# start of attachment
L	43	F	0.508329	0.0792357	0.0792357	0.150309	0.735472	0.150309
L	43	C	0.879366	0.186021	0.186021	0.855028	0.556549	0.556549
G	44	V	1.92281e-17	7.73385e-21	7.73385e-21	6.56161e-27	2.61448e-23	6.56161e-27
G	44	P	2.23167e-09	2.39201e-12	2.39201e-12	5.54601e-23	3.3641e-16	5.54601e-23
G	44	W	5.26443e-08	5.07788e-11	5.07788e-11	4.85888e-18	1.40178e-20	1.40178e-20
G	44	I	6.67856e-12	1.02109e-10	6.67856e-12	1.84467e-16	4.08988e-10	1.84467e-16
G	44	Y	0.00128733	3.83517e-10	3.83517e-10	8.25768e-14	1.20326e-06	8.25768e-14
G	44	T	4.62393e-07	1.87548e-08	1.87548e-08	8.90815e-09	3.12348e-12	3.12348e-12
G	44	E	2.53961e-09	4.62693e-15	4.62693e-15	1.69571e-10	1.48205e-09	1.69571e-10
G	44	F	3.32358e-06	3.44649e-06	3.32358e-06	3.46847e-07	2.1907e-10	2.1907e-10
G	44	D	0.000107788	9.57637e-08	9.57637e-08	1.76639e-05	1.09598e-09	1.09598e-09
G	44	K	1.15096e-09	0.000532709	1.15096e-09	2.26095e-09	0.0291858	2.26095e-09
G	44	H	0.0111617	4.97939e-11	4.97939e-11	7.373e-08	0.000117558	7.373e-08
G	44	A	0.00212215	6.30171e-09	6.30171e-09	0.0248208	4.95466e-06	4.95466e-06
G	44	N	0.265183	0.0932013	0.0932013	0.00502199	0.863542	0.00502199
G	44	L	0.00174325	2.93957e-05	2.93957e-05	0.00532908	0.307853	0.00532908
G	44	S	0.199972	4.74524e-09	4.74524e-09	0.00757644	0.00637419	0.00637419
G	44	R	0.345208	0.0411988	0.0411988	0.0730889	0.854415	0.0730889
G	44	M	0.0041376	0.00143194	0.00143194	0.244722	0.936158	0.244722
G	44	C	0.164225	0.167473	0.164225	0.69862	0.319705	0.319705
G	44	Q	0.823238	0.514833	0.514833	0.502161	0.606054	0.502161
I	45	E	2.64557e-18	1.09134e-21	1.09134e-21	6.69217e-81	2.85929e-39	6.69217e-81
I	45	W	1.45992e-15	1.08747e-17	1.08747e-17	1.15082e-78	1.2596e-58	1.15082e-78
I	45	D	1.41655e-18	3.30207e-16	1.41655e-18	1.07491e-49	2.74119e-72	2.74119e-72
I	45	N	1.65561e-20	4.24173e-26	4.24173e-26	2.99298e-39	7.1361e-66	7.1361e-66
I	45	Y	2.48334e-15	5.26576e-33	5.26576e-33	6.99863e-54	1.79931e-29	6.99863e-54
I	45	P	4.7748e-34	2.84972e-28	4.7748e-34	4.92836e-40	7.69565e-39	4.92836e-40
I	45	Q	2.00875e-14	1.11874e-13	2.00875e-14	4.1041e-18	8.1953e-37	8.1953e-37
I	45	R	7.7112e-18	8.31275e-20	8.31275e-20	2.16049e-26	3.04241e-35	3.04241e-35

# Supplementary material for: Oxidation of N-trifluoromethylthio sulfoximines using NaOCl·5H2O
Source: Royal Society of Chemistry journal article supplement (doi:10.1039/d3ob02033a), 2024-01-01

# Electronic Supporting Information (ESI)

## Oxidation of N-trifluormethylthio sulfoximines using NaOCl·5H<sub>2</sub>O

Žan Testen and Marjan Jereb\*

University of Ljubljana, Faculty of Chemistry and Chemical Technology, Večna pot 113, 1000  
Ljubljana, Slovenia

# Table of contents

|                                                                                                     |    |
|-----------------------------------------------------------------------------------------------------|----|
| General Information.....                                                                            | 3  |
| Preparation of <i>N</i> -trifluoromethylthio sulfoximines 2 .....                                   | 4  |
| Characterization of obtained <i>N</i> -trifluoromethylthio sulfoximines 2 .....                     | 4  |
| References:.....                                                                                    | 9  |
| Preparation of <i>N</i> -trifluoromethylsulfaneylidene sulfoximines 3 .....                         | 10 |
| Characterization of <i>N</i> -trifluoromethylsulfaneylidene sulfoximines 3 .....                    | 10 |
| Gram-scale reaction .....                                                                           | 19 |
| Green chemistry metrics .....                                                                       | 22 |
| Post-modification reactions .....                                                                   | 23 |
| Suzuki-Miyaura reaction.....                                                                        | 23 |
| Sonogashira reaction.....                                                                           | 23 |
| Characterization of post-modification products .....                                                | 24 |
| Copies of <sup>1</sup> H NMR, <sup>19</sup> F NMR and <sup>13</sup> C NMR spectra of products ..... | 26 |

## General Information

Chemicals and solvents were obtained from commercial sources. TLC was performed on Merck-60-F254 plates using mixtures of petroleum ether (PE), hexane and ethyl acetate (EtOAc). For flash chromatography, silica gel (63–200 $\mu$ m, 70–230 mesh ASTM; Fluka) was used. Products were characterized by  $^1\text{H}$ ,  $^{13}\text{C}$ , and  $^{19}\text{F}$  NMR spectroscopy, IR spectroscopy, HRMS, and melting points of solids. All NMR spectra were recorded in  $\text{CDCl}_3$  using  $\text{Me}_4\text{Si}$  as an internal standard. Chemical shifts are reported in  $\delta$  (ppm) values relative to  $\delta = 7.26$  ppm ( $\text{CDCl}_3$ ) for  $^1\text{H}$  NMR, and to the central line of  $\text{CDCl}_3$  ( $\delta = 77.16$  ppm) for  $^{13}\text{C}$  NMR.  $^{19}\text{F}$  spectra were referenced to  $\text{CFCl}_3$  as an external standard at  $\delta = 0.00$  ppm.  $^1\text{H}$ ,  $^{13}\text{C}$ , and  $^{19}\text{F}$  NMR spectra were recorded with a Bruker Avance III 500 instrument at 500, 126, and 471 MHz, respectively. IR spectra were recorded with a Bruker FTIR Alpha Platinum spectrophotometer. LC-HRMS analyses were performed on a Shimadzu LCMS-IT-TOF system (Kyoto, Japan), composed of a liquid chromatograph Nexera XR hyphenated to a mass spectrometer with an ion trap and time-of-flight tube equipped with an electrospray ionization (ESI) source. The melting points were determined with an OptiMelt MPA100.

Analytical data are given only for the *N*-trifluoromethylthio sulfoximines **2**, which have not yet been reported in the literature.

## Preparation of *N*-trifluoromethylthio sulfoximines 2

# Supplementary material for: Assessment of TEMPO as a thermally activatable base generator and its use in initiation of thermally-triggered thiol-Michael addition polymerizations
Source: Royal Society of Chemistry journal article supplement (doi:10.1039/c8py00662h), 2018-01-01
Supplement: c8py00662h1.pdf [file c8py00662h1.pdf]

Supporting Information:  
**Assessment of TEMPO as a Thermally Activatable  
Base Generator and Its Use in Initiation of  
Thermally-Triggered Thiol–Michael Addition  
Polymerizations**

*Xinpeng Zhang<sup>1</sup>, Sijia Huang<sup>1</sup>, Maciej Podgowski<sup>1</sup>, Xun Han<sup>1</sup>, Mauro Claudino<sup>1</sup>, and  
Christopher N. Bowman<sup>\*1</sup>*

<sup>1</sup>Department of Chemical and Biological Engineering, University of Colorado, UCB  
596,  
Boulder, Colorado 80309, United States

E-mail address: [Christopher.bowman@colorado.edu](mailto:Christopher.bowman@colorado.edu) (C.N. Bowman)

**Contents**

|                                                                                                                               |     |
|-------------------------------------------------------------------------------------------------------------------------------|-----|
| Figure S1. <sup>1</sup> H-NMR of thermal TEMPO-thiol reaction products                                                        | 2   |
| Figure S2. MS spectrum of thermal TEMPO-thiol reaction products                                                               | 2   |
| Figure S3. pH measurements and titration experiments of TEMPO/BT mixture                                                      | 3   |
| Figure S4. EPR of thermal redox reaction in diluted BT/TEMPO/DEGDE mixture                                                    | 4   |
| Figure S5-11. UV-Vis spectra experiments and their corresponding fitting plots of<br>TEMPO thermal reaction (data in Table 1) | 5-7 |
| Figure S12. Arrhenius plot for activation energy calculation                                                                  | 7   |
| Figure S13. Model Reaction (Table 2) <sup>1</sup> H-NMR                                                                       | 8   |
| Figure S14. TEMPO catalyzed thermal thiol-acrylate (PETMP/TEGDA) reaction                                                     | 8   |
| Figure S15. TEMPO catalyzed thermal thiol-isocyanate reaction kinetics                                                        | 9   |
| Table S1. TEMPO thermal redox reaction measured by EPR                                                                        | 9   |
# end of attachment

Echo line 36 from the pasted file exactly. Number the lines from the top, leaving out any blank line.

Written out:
Ljubljana, Slovenia